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March 2016

Cutting cultures: the move to all molecular in virology

March 2016—For laboratories performing virology testing, taking advantage of molecular testing’s superiority to traditional testing methods is a no-brainer. But leaders in the University of Michigan’s clinical microbiology laboratory have found that the push to go all molecular for virology testing must be tempered by attentiveness to clinician preferences and a collaborative approach that’s likelier to make the journey a success.

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Anatomic Pathology Abstracts, 3/16

March 2016—Reproducibility of residual cancer burden for assessing breast cancer after neoadjuvant chemotherapy: The residual cancer burden index was developed to quantify residual disease ranging from pathological complete response to extensive residual disease. The authors conducted a study to evaluate inter-pathologist reproducibility in the residual cancer burden index score and category and in their long-term prognostic utility.

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Lab shoots for better phlebotomy service, satisfied patients

March 2016—Try running a race and tying your shoes at the same time. That is the kind of challenge laboratories face when they endeavor to refine their processes while providing all the usual services clinicians and patients expect. When laboratory leaders at Brigham and Women’s Hospital in Boston surveyed the landscape of their phlebotomy operations, they spotted many opportunities for improvement through Lean Kaizen events as well as technology that reduces the risk of human error.

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Molecular Pathology Selected Abstracts, 3/16

March 2016—Enhancing tumor selectivity of a picornavirus virotherapy: Oncolytic viruses that selectively target tumor cells are a promising cancer therapy and are thought to work not only via direct lysis and destruction of tumor cells but also through recruitment and activation of the host’s anti-tumor immune response. While there are a number of naturally occurring viruses that preferentially replicate in cancer cells and have otherwise limited effects in human tissue, the real therapeutic promise lies in genetically engineered viruses.

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Clinical Pathology Abstracts, 3/16

March 2016—Impact of add-on laboratory testing at an academic medical center: Clinical laboratories are often asked to perform additional laboratory tests after the original sample is received and testing per the original order is complete. It is well known that this significantly increases laboratory workload and impacts turnaround time.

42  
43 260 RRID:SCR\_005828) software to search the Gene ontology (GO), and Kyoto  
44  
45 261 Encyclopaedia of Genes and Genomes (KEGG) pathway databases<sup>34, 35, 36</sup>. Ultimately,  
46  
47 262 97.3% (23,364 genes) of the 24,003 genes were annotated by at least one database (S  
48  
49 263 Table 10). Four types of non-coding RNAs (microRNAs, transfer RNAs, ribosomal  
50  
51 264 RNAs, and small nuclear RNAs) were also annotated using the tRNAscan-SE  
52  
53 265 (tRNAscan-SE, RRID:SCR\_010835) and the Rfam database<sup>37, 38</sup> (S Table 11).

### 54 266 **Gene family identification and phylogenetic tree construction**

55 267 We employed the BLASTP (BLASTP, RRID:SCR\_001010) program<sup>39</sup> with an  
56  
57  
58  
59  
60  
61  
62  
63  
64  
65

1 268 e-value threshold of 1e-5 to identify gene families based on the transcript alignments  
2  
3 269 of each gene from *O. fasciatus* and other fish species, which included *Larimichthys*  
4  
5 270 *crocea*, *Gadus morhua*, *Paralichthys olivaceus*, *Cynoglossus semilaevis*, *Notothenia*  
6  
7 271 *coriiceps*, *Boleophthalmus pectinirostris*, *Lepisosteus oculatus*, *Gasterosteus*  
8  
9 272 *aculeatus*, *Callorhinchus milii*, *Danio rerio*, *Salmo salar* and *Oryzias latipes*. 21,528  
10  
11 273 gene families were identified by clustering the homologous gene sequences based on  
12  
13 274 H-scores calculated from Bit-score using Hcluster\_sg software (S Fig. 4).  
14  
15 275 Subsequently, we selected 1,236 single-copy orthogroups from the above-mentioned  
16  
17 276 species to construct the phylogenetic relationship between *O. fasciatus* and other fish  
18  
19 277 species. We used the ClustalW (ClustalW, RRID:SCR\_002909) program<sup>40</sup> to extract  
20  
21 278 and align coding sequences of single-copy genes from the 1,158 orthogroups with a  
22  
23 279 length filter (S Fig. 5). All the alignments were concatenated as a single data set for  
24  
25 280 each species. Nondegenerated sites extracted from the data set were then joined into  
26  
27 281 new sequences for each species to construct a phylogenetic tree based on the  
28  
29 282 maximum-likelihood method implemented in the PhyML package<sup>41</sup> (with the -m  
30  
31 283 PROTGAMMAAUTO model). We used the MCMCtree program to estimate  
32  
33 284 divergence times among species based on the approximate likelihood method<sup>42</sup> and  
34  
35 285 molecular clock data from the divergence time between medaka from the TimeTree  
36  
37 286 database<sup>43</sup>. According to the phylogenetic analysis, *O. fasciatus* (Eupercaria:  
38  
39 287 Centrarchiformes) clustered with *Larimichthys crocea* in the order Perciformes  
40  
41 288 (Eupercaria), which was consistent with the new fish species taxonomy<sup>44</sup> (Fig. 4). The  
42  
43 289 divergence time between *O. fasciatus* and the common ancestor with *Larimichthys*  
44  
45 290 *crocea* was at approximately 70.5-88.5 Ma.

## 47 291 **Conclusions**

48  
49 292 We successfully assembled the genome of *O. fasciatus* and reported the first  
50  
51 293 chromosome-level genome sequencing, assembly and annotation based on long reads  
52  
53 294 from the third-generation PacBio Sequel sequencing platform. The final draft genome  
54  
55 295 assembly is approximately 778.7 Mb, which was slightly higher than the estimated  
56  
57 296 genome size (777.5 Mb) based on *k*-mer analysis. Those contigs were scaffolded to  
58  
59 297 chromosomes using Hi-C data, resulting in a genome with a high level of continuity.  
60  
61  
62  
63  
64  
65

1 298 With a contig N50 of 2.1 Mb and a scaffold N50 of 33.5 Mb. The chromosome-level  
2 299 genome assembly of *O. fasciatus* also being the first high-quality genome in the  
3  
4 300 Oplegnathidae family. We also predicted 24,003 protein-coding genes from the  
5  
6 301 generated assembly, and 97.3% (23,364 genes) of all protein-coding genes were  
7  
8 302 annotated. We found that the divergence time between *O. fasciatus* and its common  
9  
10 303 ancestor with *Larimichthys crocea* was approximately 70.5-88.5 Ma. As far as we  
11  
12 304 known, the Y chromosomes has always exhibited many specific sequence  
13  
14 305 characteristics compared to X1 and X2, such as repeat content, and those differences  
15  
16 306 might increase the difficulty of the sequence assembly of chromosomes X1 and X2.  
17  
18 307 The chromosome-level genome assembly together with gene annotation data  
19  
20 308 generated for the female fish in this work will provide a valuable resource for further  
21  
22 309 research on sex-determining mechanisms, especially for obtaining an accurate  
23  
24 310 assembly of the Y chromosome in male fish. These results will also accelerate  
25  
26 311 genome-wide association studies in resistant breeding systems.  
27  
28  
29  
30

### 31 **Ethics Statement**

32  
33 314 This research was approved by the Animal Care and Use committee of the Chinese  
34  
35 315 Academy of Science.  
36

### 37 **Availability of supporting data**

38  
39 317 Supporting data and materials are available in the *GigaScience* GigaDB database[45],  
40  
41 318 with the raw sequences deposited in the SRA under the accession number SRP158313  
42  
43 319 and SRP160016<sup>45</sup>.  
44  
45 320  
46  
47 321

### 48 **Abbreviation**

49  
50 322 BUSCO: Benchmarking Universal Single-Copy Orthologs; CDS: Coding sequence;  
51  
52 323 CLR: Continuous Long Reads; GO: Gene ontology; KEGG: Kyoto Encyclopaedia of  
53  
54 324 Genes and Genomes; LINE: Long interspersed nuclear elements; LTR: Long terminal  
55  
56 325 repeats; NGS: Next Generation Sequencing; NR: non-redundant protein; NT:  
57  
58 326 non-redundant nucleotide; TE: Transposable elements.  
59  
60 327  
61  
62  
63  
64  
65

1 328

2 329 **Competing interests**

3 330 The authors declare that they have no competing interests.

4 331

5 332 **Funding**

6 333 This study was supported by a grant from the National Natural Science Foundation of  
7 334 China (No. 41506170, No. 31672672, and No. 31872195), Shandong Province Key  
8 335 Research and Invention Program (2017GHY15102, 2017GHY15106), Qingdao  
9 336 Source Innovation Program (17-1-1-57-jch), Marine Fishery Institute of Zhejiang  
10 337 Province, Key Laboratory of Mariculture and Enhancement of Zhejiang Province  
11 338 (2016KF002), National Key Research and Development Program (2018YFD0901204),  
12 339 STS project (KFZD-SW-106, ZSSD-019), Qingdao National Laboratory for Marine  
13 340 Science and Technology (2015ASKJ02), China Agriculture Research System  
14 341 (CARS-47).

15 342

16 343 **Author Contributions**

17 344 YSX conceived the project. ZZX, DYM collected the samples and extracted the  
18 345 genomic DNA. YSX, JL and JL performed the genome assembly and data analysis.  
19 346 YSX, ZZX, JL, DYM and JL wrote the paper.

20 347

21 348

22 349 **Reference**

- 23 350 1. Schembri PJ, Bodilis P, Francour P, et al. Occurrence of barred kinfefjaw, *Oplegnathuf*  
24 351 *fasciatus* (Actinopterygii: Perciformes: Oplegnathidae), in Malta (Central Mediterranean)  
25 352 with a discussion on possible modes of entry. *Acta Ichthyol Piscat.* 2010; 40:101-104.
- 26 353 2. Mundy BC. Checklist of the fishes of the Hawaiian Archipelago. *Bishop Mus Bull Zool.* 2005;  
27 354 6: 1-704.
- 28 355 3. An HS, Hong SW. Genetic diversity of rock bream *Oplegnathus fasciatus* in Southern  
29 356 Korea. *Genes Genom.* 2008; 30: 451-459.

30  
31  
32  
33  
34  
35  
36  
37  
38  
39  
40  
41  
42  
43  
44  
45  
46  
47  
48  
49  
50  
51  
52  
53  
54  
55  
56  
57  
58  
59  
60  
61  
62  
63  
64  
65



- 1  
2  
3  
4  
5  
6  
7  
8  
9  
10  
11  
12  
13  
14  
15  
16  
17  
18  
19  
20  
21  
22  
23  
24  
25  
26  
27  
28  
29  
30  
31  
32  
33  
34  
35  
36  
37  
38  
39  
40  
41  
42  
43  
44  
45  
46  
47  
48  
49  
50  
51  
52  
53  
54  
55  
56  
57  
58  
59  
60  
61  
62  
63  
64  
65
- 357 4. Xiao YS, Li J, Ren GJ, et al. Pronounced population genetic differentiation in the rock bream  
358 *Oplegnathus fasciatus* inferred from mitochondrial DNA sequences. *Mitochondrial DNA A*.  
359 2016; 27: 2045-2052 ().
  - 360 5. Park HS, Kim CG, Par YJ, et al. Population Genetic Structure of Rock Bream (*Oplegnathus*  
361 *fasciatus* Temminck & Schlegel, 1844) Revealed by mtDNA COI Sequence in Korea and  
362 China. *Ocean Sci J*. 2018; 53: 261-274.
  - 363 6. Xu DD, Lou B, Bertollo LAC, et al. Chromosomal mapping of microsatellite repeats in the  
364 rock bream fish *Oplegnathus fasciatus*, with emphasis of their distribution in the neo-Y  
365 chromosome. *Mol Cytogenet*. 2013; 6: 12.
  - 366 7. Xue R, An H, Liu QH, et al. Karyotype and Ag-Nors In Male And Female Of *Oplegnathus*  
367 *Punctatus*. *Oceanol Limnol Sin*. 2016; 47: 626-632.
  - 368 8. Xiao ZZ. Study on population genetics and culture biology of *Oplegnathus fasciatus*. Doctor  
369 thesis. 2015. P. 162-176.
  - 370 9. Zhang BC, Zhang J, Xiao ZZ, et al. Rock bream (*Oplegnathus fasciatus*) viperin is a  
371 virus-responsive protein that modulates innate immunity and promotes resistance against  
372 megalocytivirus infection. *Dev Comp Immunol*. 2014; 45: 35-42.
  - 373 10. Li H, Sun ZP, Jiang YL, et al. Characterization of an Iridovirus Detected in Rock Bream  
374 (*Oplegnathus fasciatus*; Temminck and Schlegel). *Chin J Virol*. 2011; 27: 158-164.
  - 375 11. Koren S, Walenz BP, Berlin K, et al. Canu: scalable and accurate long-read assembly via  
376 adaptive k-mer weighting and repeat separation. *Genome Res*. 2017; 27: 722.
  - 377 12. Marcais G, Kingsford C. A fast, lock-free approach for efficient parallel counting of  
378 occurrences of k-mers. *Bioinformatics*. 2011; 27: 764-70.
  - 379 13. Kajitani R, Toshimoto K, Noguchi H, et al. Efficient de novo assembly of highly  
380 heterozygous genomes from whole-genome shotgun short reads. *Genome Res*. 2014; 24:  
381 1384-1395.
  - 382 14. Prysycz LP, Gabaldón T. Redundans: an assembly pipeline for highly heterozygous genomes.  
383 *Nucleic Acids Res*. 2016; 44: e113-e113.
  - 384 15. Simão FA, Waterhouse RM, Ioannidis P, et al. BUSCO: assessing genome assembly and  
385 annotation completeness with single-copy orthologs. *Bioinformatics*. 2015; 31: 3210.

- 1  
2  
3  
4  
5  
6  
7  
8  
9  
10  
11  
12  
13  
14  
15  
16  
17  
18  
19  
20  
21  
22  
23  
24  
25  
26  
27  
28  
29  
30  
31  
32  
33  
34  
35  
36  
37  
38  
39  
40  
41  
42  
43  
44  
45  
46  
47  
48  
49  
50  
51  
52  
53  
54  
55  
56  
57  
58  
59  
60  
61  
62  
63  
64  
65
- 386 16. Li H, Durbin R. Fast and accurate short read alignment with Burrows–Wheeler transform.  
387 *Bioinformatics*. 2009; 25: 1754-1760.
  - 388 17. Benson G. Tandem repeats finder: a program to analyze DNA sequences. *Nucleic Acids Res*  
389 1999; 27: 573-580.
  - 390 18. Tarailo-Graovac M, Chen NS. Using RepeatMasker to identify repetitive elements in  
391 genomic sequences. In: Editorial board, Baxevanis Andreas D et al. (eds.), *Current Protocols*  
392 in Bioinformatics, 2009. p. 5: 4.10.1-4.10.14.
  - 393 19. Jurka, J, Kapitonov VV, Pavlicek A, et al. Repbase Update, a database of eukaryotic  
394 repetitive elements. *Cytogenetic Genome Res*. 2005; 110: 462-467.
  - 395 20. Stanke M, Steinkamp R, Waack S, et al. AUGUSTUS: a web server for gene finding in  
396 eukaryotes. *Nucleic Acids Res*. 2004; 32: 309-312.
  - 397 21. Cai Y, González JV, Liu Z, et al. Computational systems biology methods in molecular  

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Q&A column, 3/16

March 2016—I have a question regarding auto-verification delta checks, not for a single patient but between all patients tested during a given period. Are there labs that use postanalytic comparisons of clinical lab results during the testing interval between quality assurance checks to ascertain if the autoverified results being released are reasonable?

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Liquid biopsy—much to do about something

March 2016—Lynette Sholl, MD, isn’t fully sold on that hottest of feverishly hot topics, liquid biopsy. “It’s kind of a sexy colloquialism, I suppose,” says Dr. Sholl, associate director, Center for Advanced Molecular Diagnostics, and associate pathologist, Brigham and Women’s Hospital, Boston. “Is there an official definition?”

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Broadening the productivity spectrum with middleware

March 2016—As James Beck, MT(ASCP), remembers it, middleware was introduced at his institution about the same time that the nursing department decided connectivity should be the province of the laboratory. When the concept of docking and interfacing glucose testing devices came on the scene around the turn of the millennium, that was a turning point, says Beck, who is point-of-care testing coordinator for the University of Pittsburgh Medical Center–St. Margaret, which uses the Telcor middleware solution QML.

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Roads cross in clonal hematopoiesis and stem cell studies

March 2016—At the annual meeting of the Association for Molecular Pathology in November 2015, one plenary session was called “Exciting Times for Translational Research in Molecular Hematology.” In accord with the title, Margaret Goodell, PhD, gave an exciting talk about how hematopoietic stem cells are regulated in mice. While Dr. Goodell’s basic research was impressive, what was most remarkable was how it meshed with and anticipated research in human hematopoietic malignancies from other laboratories.

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